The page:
USA Today, July 28, 2004
Amish reality TV show takes the lowest road yet
By Bruce Kluger
I've never understood the appeal of reality TV. Call me a wet blanket, but the idea
of round-the-clock phony millionaires, smug bachelors and desperate worm-
noshers doesn't really do it for me.
More worrisome, however, is the slow, steady march these shows have been
making toward a perverse and voyeuristic fascination with human cruelty. In just a
few years, reality TV has moved from exploring the more duplicitous side of our
nature (Survivor) to glorifying verbal abuse (American Idol) to giddily celebrating
some sap's misfortune at hearing those universally dreaded words, "You're fired"
If TV is, indeed, hunkering down in this muddy reality trench, I've often fretted that it
won't be long before some show crosses the line into the unconscionable.
That line is about to be crossed.
Tonight, the UPN network, a subsidiary of Viacom, will debut a new program called
Amish in the City, a "fish-out-of-water" reality show in which Amish teenagers are
time-warped from the antiquated, cloistered confines of their religious communities
to a forced housemate setup in the Hollywood Hills, complete with six "mainstream
young adults" (one gay, one black, one ditzy vegan—you get the picture). Naturally,
the show capitalizes on the inevitable culture clash, zooming in on the Amish kids as
they swap their buggies and water pumps for SUVs and bottles of Evian, or gaze in
amazement at a parking meter and an automatic dishwasher.
Predictably, Amish has not been greeted with open arms. When plans for the show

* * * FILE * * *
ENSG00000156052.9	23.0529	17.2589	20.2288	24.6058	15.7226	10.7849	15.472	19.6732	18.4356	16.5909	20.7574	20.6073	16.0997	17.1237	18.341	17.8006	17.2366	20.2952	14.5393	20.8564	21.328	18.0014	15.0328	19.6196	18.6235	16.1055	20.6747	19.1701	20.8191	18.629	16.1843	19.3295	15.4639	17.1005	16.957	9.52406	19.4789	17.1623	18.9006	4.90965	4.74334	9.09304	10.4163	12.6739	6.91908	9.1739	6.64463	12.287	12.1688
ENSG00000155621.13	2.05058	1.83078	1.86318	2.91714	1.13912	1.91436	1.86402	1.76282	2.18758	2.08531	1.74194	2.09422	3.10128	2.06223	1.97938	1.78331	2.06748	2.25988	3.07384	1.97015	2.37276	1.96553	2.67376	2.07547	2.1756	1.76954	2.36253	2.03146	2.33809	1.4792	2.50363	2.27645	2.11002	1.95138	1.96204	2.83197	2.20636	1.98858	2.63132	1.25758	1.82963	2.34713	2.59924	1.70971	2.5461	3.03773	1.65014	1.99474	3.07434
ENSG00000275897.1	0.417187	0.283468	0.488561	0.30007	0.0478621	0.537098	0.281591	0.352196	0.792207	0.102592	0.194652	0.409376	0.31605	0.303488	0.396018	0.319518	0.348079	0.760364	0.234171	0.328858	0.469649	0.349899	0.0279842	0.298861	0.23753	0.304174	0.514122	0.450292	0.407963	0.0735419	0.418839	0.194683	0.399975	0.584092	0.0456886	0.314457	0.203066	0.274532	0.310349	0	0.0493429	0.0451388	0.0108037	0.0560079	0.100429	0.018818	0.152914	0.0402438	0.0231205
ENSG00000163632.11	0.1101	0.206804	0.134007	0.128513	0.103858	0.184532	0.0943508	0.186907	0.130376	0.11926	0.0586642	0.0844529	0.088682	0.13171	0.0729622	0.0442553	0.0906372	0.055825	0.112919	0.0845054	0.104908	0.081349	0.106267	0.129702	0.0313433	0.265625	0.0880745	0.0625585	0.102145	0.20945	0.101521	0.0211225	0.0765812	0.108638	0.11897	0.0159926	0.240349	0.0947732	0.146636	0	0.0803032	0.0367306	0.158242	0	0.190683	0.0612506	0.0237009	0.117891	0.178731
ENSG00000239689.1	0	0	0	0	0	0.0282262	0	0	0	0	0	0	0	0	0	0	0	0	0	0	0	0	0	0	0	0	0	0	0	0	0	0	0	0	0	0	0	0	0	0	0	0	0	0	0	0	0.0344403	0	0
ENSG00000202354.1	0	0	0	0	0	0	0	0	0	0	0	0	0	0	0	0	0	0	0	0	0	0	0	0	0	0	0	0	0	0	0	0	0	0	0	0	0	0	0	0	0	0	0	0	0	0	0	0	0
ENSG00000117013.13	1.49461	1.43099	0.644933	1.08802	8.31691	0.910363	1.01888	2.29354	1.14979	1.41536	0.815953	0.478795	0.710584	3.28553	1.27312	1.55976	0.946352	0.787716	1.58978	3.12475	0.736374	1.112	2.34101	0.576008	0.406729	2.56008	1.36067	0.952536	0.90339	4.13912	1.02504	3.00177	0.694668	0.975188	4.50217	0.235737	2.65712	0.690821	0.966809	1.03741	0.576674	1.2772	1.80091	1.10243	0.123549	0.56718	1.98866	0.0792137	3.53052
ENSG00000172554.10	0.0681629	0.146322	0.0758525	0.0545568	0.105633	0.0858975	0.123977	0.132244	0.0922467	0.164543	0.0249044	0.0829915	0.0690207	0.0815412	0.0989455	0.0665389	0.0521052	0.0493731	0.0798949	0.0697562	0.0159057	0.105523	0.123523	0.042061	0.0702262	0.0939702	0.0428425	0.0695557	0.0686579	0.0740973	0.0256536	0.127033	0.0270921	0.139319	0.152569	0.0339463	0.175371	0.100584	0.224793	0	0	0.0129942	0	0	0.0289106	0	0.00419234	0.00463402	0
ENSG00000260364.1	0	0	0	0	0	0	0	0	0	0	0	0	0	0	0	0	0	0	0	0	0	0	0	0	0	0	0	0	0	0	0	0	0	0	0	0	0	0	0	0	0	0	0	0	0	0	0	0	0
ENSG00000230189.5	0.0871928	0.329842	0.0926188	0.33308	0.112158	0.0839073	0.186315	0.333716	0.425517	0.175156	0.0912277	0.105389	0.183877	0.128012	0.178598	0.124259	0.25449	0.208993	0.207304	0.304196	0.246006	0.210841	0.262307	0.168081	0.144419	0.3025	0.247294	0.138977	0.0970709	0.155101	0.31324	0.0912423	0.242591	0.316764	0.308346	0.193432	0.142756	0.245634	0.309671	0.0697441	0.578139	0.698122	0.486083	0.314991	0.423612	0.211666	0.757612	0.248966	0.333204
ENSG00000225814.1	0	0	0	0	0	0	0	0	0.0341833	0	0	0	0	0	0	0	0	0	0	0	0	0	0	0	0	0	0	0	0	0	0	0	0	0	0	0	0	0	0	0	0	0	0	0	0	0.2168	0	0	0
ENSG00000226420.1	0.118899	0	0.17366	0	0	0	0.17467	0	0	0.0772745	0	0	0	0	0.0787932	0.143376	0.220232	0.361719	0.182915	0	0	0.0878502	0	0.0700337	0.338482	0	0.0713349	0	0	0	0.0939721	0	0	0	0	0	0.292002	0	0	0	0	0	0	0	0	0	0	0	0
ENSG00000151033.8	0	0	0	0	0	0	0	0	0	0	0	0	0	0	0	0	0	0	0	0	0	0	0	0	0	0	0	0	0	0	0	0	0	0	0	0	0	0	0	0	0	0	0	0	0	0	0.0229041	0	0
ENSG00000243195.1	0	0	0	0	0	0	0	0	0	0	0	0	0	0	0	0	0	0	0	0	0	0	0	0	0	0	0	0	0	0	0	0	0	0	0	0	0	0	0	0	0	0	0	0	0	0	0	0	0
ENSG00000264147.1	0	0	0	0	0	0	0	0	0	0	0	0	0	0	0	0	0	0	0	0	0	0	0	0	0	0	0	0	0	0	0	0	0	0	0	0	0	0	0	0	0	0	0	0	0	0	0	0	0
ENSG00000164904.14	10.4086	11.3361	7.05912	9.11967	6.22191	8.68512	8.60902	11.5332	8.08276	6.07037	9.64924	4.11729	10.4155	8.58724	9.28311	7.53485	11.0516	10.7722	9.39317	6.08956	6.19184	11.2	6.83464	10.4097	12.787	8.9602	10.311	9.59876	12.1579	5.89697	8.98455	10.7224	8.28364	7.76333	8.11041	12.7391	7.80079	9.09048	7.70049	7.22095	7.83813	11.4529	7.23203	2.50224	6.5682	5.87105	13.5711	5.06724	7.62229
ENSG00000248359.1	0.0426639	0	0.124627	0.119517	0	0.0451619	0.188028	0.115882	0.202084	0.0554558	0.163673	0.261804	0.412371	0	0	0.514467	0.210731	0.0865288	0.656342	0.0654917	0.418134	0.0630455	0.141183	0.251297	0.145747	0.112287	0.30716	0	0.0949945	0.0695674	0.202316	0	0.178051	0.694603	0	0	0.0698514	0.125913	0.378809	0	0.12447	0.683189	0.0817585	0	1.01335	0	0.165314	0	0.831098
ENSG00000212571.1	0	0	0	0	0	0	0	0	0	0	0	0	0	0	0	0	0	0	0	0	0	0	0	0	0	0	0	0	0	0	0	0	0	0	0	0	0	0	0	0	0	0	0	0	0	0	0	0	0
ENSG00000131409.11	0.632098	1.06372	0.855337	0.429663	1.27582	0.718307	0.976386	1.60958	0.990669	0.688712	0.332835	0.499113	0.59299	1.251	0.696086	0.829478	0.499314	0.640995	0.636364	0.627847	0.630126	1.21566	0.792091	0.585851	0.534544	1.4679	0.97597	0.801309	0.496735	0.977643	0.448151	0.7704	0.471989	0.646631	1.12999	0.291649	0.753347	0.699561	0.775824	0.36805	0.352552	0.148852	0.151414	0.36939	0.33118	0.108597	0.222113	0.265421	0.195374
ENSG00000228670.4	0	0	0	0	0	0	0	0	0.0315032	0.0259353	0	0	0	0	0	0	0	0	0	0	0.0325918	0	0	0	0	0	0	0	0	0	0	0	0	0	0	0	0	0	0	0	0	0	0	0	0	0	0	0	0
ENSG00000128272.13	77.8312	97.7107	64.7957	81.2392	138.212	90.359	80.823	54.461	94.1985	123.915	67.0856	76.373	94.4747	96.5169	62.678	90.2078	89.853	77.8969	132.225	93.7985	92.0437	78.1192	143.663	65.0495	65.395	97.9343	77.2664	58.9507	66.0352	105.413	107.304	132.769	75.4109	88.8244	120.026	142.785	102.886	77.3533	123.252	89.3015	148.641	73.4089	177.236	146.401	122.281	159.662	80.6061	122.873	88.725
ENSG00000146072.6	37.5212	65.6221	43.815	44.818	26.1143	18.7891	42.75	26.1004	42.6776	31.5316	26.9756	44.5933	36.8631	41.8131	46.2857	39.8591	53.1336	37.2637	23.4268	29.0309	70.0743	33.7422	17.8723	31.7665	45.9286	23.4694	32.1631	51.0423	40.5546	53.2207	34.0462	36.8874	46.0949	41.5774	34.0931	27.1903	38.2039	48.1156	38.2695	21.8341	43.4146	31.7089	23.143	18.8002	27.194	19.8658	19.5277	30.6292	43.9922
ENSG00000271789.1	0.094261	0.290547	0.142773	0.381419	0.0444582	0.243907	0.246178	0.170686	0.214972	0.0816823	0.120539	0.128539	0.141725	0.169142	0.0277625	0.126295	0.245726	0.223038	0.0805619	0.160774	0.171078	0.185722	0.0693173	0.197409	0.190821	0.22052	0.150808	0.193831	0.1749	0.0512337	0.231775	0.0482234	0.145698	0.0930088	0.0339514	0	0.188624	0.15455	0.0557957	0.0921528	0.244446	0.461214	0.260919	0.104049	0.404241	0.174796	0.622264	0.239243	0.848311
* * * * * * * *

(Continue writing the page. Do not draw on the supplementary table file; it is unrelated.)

were first announced last January, protests erupted across the country, from
politicians in Pennsylvania—home to a large number of the nation's 200,000
Amish—to the Center for Rural Strategies in Whitesburg, Ky.
"Viacom's got plenty of ways to make money without ridiculing rural people," the
center's president, Dee Davis, complained.
As if the concept of Amish weren't manipulative enough, producers have cagily
tethered their snarky series to a Pennsylvania Dutch ritual called "rumspringa"
(translation: running wild), in which Amish 16-year-olds are permitted to flee the fold
and taste the temptations of the real world—from drinking to dating to driving. After
their romp, it's up to the kids themselves to decide whether they want to return to
their flock and be baptized into the Amish church. (According to Devil's Playground,
a 2002 documentary about rumspringa, 90% of the teens do come home.)
Although UPN's lab-rat spectacle brims with breathtakingly humiliating moments
(witness the awkwardness as the smug housemates mock the country clan about
their clothing), the producers insist it is "totally respectful" and "not intended to
Baloney. Insult is precisely what this bad idea is all about. To make matters worse,
these are kids we're talking about. And the deck is stacked against them.
Unlike Fear Factor, which promises the most daring (and stupid) participants a
guarantee of $50,000 as a top prize, the subjects of Amish in the City don't have
any sort of reward dangling on the horizon—other than their own mortification, of
Unlike Survivor, in which cunning ultimately dictates who gets the last laugh in the
final week, the human guinea pigs of Amish in the City will quickly discover that the
joke is always on them.
And, most tragically, unlike The Simple Life, in which rich brats Paris Hilton and
Nicole Richie reverse time-travel, trading cellphones and designer bags for overalls
and swamp boots, Amish in the City plunks its old-world co-stars into strange new
worlds they've never imagined—shamelessly exploiting their naivete along the way.
Say what you will about the bubble-headedness of Hilton and Richie, at least
they're hip to the cultural deprivations of the "simple" life from the outset.
The Amish kids, on the other hand, are headed for a mind-blower, as the most
basic tenets of their religious conviction unravel before their eyes. And though I've
never been a fan of fundamentalism of any stripe, it's not up to me to mess with the
minds of those who truly believe. Nor is it up to TV.